As we approach the darkest night of the year on the Winter Solstice, I thought I’d share with you all some information about the ancient pagan festival of Yule that falls on this day… 

Origins of Yule
The word Yule is thought to mean either “wheel” or “feast”. This joyful pagan holiday, celebrated by many ancient cultures around the world, falls on the Winter Solstice, the longest night of the year. Winter Solstice derives from the Latin sol, meaning “sun” and sister, meaning “to stop, or to stand still”. Thus, the Winter Solstice is the day of the “Standing-Still Sun”, for on this day the sun appears to stand still in the sky. Although it is the longest night, it is also the turning point of the year. Following this night, the sun grows stronger in the sky, and the days become gradually longer once more.The festival of Yule is an honouring of the cycles of nature, a celebration of rebirth, and a reaffirmation of the continuation of life. It is a time of peace and charity and a celebration of hope; hope that darkness will be banished from the earth and that light will be reborn. Because many ancient traditions affiliate darkness with evil, Yule was a celebration to help goodness, along with its light and warmth, return.

On this day, the Goddess gives birth to the “Divine Child of Promise”, her son Mabon, also known as the “Star Child”. This son would become the Sun God, representing the return of light. Because His birth heralds the days growing longer, the God represents hope in the coming cold of winter and the promise that spring lies ahead. As the son draws close to His Mother, we too must draw inward to reflect on the past year and be thankful for family and loved ones who have helped us through hardships.

Holly King and Oak King
The Sun God who rules the seasons, is portrayed as the Holly King and Oak King, twin brothers who represent the waxing and waning cycles of the year. During the solstices, the Oak King, representing summer, light, and growth, and the Holly King, representing winter, darkness, and decay, engage in a battle for supremacy. At Yule, it is the waxing Oak King who vanquishes the Holly King and bears the crown for the season. The Oak King holds his reign until Midsummer when they return to battle once more. At this time, the Holly King defeats the Oak King and rules until the time of Yule when the battle begins once more. Yule, thus, commemorates the death of the Holly King, who symbolizes the old year and shortened sun, at the hands of his successor, the Oak King, who symbolizes the new year and the new sun that begins to grow.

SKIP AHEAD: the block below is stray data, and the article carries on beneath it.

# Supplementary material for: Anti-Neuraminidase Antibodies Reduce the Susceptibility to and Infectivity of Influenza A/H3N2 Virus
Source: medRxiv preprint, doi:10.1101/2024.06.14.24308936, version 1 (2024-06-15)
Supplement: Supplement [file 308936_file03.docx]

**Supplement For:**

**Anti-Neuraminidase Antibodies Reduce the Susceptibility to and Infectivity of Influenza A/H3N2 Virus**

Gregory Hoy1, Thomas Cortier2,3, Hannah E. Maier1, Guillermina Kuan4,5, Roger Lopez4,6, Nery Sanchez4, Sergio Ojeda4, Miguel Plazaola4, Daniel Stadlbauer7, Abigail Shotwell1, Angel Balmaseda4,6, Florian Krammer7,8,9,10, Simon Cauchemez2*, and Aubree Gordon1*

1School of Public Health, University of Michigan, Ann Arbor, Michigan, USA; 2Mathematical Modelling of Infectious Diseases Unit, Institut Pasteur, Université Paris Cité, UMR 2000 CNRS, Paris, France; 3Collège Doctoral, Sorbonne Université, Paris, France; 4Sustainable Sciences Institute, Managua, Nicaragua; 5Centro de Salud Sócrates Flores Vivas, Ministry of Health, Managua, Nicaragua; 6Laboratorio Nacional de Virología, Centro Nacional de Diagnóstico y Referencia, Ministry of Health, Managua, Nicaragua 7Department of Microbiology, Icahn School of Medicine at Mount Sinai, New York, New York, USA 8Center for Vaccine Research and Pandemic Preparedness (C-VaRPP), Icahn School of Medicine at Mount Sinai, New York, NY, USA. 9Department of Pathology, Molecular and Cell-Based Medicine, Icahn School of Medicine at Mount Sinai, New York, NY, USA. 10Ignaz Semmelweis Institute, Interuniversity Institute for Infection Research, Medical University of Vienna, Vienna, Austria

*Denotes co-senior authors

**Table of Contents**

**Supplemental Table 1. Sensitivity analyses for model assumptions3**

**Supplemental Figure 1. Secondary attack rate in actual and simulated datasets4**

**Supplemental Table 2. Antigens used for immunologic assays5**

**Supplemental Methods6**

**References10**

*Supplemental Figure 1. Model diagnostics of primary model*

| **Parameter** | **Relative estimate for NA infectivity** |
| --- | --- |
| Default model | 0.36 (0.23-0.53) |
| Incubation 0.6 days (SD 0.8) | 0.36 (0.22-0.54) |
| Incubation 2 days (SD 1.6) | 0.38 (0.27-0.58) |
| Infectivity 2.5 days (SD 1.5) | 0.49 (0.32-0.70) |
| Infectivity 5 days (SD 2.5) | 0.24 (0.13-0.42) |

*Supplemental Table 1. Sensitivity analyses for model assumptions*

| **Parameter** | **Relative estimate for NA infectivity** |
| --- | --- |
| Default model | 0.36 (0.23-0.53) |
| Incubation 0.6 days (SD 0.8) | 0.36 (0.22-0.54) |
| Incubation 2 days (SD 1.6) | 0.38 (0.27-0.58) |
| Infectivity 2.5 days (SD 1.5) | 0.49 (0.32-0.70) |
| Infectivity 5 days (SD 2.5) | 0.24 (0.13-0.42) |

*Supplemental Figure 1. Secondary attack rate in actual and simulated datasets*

The Oak King is also known as the Green man and the Holly King, the Red Man. In many countries these figures have remained separate. The Oak King is assigned with the role of the good gift giver, while the Holly King represents the wicked punisher. The Holly King frequently appears dressed in red with a sprig of holly in his hair, and is sometimes depicted driving a team of eight stags, which represent the 8 Sabbats of the pagan festive cycle. The Oak King is often portrayed as the fertility god and the lord of the forest.

Santa Claus, Saint Nicholas, Father Christmas and Kris Kringle are all interpretations of the Holly and Oak king combined as one. As the one who rewards, he bestows gifts to good children, and as the punisher and depriver, he gives only ash or lumps of coal to the naughty ones.

This year, the winter solstice falls on December 22, 2011, at 12:30 A.M. (EST)

~Daniela Masaro

Artwork: “Winter Solstice” by Amy Brown